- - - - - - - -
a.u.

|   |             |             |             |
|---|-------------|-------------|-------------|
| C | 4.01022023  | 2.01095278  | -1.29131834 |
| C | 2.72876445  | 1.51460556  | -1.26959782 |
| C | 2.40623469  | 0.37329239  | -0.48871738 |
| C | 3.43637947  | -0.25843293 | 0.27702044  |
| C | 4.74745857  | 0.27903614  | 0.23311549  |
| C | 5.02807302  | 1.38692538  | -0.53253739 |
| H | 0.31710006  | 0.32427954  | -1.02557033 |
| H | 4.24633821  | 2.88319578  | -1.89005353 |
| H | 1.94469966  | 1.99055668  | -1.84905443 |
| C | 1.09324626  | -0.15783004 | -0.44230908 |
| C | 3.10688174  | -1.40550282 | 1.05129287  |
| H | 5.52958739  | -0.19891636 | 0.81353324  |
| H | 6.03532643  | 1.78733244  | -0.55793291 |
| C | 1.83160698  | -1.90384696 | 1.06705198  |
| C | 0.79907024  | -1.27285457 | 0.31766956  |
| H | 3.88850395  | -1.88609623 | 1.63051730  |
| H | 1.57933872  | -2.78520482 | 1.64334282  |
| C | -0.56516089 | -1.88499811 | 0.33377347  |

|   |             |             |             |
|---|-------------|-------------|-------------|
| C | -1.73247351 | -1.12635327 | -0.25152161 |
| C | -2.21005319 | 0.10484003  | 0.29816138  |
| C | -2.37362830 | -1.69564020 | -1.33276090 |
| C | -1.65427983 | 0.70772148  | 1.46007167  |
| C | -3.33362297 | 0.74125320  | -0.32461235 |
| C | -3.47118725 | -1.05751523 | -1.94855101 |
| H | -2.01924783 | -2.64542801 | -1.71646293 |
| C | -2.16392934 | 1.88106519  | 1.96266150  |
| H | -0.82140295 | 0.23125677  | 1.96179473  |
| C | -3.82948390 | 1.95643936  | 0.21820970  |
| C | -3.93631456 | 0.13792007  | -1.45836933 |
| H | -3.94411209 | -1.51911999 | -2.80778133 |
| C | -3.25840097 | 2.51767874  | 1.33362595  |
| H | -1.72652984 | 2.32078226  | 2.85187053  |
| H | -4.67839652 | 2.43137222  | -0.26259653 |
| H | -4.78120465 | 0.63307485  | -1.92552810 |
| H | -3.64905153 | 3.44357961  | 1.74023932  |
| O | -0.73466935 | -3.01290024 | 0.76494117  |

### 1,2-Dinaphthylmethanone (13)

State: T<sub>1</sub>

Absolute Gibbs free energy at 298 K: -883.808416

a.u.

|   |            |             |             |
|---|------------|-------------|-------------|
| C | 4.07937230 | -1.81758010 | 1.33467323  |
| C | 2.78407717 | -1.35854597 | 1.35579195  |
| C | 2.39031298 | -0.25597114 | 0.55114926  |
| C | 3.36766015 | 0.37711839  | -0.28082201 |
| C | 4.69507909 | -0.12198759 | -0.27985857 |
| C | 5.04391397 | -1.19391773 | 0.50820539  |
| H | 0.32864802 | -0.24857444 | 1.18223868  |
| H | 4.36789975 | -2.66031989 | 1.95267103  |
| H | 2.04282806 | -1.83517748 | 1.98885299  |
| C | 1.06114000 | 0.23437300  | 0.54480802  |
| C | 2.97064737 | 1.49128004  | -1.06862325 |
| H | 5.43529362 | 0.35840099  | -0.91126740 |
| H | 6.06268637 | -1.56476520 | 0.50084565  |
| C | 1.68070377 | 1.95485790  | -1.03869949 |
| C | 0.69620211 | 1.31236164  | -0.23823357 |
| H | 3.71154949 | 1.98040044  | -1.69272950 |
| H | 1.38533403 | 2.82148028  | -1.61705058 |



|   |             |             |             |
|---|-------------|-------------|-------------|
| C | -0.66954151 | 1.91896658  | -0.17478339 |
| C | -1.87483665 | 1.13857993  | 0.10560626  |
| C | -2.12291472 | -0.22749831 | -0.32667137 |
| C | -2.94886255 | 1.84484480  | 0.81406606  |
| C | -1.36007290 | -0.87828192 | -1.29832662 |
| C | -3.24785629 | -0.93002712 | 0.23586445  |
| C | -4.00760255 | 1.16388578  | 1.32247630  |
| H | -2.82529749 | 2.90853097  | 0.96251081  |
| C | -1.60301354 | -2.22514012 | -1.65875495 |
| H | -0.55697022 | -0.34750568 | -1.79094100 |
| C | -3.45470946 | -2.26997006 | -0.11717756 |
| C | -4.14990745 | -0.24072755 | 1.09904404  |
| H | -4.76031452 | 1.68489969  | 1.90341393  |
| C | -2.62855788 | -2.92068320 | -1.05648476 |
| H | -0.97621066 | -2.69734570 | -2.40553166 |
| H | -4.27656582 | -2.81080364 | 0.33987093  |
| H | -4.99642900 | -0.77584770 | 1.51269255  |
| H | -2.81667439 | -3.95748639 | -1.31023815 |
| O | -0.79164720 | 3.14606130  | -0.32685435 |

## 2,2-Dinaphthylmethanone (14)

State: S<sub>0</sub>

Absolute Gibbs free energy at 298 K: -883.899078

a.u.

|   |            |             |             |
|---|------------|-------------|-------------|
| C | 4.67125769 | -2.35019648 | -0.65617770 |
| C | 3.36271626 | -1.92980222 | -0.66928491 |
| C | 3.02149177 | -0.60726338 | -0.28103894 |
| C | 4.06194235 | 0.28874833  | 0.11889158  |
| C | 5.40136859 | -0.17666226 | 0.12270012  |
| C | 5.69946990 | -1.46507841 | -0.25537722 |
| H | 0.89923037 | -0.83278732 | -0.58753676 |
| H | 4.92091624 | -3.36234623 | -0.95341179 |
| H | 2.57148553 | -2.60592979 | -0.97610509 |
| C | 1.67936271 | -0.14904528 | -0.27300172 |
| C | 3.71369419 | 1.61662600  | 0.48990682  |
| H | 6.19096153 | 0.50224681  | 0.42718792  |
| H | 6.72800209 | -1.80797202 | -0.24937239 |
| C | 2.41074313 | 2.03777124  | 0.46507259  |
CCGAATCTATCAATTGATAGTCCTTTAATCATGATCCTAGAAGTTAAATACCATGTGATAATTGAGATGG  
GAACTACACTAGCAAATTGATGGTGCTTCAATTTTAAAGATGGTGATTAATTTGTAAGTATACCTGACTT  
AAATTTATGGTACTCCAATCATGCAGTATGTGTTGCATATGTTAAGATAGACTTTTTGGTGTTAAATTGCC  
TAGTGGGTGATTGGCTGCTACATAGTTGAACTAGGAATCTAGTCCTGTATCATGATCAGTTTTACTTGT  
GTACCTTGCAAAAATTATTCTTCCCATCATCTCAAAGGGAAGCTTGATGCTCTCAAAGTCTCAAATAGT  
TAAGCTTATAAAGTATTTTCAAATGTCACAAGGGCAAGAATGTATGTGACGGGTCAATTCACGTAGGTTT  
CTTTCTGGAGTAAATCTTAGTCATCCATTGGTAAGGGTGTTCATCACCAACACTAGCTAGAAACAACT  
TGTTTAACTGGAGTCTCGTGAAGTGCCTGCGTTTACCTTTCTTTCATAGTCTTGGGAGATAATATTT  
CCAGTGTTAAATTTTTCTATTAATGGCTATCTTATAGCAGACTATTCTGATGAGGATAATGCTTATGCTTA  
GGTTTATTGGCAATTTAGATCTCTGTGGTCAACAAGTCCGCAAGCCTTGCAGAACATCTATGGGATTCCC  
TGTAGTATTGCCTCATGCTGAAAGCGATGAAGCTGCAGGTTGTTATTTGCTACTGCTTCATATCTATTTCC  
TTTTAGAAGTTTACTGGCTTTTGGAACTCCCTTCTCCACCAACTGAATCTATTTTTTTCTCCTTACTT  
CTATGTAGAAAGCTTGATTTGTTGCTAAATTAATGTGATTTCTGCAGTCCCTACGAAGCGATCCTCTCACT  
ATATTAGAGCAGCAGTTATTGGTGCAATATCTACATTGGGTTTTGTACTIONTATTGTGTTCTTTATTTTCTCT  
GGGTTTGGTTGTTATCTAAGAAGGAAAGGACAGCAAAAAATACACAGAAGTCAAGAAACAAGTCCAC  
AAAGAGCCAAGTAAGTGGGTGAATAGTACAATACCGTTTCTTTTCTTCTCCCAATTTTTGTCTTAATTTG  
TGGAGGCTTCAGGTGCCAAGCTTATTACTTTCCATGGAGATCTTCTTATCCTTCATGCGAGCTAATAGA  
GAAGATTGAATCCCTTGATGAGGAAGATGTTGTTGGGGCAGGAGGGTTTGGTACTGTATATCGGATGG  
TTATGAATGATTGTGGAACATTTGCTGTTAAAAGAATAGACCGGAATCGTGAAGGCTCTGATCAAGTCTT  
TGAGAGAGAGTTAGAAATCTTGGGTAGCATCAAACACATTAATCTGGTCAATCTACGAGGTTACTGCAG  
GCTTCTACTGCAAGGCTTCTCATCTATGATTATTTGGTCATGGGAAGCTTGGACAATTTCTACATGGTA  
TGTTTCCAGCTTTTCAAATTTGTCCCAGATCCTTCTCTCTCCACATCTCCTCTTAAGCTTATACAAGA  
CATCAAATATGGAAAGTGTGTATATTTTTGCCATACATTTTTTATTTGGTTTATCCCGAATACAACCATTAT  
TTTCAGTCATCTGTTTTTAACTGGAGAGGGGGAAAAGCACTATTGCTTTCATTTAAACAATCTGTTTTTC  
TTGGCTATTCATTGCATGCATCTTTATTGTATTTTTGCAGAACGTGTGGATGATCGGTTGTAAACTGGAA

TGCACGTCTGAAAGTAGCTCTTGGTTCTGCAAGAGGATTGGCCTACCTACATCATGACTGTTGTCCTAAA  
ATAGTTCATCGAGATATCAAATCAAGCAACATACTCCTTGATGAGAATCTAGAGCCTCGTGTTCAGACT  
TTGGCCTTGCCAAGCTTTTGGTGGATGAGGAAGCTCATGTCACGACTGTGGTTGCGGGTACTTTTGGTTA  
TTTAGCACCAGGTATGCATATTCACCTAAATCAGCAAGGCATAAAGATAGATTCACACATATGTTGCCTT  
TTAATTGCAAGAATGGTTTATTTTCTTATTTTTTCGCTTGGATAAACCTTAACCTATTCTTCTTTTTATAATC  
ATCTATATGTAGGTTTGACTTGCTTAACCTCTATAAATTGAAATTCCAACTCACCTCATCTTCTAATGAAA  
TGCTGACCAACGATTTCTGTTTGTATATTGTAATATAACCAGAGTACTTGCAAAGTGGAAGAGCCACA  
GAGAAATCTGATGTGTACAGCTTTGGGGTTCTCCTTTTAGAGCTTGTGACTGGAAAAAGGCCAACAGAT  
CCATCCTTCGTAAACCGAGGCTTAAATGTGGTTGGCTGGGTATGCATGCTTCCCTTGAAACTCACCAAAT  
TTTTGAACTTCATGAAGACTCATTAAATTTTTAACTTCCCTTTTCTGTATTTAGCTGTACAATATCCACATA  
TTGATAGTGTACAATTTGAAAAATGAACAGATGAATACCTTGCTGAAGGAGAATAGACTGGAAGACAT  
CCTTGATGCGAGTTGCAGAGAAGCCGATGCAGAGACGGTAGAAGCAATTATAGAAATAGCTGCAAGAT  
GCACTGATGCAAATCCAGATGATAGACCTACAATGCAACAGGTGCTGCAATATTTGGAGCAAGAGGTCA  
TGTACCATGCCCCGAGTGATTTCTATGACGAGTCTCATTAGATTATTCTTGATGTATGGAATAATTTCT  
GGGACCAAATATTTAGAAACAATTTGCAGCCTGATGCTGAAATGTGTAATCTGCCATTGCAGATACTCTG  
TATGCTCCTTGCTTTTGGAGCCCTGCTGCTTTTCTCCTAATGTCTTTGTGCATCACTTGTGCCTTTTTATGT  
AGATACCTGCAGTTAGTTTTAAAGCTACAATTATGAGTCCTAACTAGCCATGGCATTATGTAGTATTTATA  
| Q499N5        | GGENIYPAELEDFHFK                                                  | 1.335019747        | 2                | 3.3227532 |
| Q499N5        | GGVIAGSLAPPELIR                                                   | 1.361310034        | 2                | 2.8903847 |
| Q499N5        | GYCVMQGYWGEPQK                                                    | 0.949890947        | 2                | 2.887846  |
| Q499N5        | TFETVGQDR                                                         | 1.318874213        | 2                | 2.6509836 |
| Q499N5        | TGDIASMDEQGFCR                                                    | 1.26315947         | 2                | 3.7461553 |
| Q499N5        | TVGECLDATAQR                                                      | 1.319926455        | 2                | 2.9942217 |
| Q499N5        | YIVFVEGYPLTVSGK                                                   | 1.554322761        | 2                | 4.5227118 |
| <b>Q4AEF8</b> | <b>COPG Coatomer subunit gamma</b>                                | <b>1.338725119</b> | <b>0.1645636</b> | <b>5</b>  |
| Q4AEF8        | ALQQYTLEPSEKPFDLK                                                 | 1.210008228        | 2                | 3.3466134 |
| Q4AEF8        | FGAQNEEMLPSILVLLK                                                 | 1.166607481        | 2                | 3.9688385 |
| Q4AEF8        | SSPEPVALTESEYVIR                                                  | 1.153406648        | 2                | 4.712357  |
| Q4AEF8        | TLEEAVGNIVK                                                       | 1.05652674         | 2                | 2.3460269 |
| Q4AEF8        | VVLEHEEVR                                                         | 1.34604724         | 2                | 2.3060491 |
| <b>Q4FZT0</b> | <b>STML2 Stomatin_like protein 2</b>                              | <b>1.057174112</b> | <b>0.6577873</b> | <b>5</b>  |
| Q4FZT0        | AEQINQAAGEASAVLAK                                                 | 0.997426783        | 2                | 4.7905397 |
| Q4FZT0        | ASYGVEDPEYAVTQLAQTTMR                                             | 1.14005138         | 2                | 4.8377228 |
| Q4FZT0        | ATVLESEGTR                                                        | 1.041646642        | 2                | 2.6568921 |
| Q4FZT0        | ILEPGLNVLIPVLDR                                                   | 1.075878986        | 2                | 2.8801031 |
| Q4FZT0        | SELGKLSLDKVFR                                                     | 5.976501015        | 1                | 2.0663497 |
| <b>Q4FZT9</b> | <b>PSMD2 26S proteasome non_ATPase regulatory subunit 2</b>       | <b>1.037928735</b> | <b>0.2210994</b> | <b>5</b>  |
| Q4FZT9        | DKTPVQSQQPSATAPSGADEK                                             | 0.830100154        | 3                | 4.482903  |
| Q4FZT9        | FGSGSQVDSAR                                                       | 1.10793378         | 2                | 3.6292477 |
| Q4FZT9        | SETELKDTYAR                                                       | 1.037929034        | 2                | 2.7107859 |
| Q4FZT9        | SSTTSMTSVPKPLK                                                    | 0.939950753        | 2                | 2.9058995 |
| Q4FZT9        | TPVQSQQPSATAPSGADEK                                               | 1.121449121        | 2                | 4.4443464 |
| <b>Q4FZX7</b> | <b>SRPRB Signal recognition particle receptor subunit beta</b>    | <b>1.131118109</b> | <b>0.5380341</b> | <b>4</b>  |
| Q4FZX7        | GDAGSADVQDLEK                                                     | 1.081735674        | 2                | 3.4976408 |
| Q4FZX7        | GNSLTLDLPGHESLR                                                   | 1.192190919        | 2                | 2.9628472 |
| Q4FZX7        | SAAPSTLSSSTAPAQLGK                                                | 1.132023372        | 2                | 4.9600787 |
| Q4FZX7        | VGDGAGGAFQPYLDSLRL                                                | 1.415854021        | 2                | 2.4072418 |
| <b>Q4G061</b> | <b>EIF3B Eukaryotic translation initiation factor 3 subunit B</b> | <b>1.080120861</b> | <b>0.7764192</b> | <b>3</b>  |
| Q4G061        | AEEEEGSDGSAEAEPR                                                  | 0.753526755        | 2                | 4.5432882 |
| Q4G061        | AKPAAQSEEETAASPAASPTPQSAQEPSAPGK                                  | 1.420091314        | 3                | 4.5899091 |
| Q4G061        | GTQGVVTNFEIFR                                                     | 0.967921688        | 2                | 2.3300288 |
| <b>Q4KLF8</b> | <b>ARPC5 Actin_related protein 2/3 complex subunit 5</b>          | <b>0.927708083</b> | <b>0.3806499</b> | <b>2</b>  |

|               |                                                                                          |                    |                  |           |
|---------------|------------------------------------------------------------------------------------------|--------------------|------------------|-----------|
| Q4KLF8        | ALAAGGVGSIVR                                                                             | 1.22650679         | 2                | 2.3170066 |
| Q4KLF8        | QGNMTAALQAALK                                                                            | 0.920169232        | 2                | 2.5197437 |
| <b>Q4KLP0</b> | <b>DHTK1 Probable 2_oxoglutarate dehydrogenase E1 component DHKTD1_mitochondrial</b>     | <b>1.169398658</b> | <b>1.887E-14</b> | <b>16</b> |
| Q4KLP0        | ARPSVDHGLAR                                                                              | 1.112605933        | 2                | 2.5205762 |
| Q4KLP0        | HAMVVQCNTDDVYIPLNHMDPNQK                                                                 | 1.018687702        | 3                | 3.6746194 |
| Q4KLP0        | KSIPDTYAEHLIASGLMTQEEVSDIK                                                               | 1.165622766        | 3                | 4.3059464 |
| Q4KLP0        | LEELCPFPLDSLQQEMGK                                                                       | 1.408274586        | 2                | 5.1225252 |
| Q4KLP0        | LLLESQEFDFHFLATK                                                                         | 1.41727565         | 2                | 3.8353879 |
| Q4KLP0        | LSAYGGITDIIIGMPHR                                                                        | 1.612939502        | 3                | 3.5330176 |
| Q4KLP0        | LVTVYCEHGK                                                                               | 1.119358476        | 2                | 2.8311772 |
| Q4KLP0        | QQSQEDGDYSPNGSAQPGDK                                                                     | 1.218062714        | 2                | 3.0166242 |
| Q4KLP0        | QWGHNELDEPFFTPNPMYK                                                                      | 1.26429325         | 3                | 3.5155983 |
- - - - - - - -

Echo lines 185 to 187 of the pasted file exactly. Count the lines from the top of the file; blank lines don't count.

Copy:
| Q4KLF8        | ALAAGGVGSIVR                                                                             | 1.22650679         | 2                | 2.3170066 |
| Q4KLF8        | QGNMTAALQAALK                                                                            | 0.920169232        | 2                | 2.5197437 |
| <b>Q4KLP0</b> | <b>DHTK1 Probable 2_oxoglutarate dehydrogenase E1 component DHKTD1_mitochondrial</b>     | <b>1.169398658</b> | <b>1.887E-14</b> | <b>16</b> |